That being said, you are right the best way to get a big raise if you are legit underpaid is to switch companies. That initial negotiation is the biggest way to get a bump. Even when management agrees that someone is underpaid and they take actions to right it, it just boils some managers britches to give more than a 10% raise or a 15% raise. Especially if they haven't "paid their dues."

    Now different companies have different rules, I often have to pull site supervisors and other managers aside to correct certain behaviors that are counter productive or illegal. But it is not often done, and in larger companies there is often a HR sends a memo,and that is as far as they are responsible for something, and there is no follow up.

  • ceresceres When the last moon is cast over the last star of morning And the future has past without even a last desperate warningRegistered User, Moderator mod
    Cambiata wrote: »
    zepherin wrote: »
    Enc wrote: »
    Good rule to follow: Only people that should every discuss pay are the employee, their current budget-controlling manager, the HR rep in charge of salary, and the union rep (if applicable).

    If one of those isn't you, you should not be involved in the conversation. This is because open salary discussion leads to discord at every business (which is why most businesses codify salary based upon degree, credentialing, seniority, and job code). Even in an equitable workplace, open discussion of pay will make people feel inadequacy and maligned even if there is a fair and equitable pay structure. Getting involved in someone else's pay if you are not one of the four people in that earlier equation means you are directly taking agency to disrupt the workplace (which in a lot of places constitutes as sufficient grounds for termination).

    This is not to say your workplace or its hiring rules are fair or equitable. They could be horrendous and this guy could be getting screwed. But it is his (and his union rep if applicable) job to leverage his pay to be higher, not yours. Taking any action here will likely have negative repercussions for both of you.

    This is absolutely untrue. Pay rates should be common knowledge throughout the company. Keeping it secret, keeping it safe only furthers the company's goal to pay every employee as little as they can possibly get away with.
    This is a sort of catch 22. yes Pay rates should be public and it is good public policy, and there are laws that protect people from being fired, but there is definitely some behind the scenes retribution.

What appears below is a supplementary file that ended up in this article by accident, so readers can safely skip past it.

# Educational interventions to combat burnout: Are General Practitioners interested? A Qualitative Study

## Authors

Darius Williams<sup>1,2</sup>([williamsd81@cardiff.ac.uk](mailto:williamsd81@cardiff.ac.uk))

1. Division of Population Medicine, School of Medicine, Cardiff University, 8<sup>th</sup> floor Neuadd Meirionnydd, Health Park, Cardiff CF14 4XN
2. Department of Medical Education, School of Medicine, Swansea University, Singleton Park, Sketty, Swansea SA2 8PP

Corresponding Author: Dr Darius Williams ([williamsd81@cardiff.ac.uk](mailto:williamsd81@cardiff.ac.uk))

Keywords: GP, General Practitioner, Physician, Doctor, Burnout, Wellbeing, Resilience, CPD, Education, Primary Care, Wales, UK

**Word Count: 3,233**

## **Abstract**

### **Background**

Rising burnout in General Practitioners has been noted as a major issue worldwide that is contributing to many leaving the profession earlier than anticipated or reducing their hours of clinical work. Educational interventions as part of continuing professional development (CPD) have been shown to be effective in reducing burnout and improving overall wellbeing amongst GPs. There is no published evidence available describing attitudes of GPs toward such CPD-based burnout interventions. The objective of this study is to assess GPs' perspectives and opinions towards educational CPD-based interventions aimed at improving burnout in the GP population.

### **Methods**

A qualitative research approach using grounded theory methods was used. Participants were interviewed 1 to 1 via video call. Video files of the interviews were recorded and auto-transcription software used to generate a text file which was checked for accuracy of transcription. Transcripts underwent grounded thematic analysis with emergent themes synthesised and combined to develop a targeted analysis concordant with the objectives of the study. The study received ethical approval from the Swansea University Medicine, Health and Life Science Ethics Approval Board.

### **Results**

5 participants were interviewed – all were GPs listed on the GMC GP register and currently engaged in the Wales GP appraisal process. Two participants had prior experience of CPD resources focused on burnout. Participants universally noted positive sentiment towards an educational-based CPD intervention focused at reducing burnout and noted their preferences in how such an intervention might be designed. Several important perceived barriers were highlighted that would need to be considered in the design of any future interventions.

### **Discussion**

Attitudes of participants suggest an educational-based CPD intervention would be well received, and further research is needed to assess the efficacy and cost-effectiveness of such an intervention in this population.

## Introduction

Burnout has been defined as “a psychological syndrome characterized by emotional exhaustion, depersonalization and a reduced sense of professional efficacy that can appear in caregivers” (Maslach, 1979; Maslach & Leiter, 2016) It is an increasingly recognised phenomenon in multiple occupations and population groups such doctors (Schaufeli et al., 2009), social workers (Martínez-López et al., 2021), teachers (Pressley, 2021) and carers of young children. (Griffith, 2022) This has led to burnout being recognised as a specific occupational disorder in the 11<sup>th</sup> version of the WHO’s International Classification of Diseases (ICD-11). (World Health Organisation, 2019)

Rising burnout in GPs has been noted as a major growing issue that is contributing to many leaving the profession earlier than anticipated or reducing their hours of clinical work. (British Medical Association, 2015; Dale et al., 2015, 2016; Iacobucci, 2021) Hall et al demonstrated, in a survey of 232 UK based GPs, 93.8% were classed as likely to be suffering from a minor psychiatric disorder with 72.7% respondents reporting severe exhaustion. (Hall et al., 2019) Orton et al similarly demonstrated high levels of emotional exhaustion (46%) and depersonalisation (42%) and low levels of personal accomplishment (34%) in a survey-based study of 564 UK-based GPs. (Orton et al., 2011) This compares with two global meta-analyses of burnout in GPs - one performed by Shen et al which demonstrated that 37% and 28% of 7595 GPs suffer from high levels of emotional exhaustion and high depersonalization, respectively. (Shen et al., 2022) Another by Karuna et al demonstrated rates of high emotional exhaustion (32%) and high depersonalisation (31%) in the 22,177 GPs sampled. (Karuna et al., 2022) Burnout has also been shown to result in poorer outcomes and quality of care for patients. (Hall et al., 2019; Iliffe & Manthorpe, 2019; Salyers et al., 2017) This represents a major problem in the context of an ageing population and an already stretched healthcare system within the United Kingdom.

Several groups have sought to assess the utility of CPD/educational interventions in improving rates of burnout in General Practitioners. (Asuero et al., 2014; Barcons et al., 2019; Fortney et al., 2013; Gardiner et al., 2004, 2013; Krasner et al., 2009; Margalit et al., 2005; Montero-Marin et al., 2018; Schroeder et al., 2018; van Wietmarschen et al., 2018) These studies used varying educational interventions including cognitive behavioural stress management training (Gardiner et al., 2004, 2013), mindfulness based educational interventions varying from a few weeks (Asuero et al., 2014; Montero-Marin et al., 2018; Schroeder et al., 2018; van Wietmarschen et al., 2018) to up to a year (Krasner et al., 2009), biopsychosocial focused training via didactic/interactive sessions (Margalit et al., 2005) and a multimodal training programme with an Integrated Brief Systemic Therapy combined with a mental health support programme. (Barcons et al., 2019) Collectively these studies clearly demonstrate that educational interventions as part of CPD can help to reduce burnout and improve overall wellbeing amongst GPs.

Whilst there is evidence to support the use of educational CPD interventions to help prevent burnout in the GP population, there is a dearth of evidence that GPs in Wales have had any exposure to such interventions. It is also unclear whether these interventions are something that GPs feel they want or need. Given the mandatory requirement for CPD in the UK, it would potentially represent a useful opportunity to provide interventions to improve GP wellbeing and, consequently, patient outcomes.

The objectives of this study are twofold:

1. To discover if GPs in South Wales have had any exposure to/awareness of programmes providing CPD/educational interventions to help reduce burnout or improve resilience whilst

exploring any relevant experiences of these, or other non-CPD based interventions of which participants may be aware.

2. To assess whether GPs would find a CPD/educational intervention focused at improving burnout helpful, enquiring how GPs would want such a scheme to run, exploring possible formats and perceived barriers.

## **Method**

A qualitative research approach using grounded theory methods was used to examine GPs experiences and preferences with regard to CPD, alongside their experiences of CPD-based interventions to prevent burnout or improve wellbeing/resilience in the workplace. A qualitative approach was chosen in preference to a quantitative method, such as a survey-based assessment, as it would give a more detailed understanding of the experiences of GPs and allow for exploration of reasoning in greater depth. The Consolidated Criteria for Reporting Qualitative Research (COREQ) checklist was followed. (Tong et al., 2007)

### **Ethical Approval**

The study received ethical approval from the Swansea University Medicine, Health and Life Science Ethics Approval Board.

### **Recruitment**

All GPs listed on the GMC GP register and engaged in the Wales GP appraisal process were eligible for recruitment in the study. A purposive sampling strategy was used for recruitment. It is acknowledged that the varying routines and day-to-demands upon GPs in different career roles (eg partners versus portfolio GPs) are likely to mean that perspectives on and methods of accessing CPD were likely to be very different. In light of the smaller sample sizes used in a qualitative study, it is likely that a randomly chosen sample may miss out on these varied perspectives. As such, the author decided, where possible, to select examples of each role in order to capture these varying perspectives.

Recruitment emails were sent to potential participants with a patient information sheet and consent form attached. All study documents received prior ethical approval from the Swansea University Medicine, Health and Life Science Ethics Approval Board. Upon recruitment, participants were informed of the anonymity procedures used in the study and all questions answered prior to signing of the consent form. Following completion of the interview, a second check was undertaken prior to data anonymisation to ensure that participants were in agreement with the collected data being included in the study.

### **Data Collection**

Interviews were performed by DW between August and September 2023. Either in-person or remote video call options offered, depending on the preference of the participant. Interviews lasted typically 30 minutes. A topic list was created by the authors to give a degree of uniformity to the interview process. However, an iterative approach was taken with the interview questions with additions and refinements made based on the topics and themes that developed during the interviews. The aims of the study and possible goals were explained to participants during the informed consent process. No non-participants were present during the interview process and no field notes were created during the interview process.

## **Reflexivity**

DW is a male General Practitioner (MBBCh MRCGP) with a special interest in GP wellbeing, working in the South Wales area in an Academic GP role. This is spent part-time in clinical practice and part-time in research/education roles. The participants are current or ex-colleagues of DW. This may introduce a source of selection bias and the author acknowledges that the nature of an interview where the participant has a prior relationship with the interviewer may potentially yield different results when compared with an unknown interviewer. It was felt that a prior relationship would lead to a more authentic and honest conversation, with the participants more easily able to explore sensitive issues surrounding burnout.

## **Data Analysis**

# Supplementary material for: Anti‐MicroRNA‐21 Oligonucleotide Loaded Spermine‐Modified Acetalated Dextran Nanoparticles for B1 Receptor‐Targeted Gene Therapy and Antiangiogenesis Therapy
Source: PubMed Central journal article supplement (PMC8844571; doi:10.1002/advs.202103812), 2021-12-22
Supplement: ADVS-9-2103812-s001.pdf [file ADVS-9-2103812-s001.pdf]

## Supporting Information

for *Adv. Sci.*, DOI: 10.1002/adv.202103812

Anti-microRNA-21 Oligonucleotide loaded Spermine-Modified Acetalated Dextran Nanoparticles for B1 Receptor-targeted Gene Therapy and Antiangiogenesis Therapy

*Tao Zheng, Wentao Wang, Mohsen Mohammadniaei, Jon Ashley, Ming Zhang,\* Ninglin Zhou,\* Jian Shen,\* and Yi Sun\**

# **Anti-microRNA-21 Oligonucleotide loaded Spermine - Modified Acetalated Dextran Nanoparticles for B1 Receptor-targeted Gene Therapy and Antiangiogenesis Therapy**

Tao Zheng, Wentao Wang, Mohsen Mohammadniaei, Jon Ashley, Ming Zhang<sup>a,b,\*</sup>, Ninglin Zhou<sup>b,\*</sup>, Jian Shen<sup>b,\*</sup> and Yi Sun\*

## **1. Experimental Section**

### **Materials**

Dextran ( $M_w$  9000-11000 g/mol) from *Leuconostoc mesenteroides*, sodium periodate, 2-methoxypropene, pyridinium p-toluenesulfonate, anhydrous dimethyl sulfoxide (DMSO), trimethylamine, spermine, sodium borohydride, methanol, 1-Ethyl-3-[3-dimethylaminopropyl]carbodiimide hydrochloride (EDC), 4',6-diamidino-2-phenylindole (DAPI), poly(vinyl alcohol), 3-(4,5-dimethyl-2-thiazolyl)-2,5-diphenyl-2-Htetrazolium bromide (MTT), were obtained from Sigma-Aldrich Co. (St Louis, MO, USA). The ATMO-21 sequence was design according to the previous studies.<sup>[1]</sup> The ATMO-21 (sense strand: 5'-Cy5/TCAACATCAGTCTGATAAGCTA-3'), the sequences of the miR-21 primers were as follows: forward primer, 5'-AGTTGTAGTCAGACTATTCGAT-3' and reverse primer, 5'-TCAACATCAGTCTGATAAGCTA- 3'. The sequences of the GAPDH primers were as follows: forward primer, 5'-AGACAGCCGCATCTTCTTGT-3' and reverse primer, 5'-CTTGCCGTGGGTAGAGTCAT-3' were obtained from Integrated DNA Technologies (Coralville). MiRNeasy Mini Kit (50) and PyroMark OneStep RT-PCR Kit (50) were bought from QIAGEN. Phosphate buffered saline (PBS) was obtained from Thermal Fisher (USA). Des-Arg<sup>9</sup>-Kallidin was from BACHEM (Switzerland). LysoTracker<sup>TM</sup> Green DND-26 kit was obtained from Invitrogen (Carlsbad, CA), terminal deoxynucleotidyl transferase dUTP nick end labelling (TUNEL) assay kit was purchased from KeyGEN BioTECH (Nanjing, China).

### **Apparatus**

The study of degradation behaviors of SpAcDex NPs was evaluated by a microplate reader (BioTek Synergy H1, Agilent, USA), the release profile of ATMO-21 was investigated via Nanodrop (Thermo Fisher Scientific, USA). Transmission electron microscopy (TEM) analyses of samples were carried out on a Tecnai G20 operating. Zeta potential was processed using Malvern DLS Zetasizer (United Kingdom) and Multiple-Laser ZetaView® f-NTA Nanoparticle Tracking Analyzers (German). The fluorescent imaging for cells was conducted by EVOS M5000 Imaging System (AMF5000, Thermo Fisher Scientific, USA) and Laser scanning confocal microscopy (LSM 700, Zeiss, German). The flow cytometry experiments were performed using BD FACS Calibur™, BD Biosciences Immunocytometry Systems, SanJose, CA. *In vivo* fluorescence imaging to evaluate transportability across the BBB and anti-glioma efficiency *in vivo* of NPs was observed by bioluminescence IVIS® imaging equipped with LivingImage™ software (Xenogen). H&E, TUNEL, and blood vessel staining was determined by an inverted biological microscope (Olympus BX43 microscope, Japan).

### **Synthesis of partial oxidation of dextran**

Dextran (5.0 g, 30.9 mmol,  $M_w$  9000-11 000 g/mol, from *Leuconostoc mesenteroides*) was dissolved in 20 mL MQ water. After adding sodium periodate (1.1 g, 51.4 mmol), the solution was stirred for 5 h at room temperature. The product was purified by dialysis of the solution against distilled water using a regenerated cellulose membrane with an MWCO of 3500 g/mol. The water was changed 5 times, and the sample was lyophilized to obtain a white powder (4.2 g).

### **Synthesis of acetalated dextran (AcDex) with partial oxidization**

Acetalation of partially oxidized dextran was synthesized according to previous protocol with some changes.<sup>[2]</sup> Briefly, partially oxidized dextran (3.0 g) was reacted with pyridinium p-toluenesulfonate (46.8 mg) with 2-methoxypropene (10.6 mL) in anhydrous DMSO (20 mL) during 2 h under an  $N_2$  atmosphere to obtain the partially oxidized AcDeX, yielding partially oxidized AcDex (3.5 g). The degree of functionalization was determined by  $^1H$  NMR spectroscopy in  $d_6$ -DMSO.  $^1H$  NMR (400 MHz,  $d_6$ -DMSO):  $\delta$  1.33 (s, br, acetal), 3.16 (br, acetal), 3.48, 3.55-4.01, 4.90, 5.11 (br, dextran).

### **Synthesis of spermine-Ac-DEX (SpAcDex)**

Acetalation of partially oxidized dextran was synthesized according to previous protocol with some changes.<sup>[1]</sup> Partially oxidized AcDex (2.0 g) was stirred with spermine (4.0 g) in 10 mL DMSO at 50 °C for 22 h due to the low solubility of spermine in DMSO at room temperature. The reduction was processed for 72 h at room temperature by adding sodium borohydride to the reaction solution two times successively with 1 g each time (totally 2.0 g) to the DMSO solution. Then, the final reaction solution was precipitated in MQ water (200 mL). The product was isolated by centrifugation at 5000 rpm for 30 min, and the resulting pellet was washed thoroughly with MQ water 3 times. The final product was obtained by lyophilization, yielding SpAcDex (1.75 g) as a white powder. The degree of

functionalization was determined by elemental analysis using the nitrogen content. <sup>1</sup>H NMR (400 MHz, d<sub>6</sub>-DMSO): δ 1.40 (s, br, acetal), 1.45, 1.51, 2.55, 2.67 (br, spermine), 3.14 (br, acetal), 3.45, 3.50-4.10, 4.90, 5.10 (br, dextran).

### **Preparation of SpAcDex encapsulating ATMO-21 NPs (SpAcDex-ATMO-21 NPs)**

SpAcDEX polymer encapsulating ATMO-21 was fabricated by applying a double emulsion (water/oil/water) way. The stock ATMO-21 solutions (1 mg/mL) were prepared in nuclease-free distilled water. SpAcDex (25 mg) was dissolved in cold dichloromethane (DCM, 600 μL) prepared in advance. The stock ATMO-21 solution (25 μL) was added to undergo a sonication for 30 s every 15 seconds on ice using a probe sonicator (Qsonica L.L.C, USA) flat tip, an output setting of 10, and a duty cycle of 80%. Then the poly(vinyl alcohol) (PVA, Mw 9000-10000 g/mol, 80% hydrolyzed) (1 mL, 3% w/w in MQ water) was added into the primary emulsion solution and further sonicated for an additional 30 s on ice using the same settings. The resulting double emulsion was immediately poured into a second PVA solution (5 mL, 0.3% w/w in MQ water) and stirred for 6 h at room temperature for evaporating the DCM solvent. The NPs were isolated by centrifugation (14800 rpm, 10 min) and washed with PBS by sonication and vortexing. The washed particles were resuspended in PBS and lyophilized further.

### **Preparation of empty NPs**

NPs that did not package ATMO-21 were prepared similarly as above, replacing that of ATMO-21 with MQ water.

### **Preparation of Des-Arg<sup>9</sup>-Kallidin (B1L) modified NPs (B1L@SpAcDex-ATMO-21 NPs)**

However I've been in upper management meetings where this literally has been said.
    "Joe was complaining that Rick got a buck fiddy raise and he didn't. Looks like Rick and Joe won't be getting any more raises from now on."
    And that's exactly how that happened. They weren't fired, there wasn't any overt discrimination. But it super hurt both of them. Because they gave raises to everyone else. It was the only time I ever saw a spite raises before. It was kinda bizarre.

    Man. Every single time I learn something new about management, it's always about how even more shitty they can be then I thought possible.

    This is once again why, "let business/capitalism regulate itself!" blows my mind the older I get. Businesses should be legally obligated to publish pay rates across the board, ESPECIALLY what upper management gets paid.

    Also putting this back on topic: In a lot of industries, the only way to get a pay raise is to switch jobs, either by getting hired by another company or a different department. In the current business climate in the US, loyalty, dedication and skill are not rewarded.

    This is how it is in IT as far as I can tell. My husband talks about it a good bit. You need to change jobs once every couple years to see a pay raise because your company just isn't going to give it to you in any form. The risk is that if you find a pretty secure job now, your next might be awful.

    And it seems like all is dying, and would leave the world to mourn
    Cambiata
  • EncEnc A Fool with Compassion The Land of Flowers (and Dragons)Registered User regular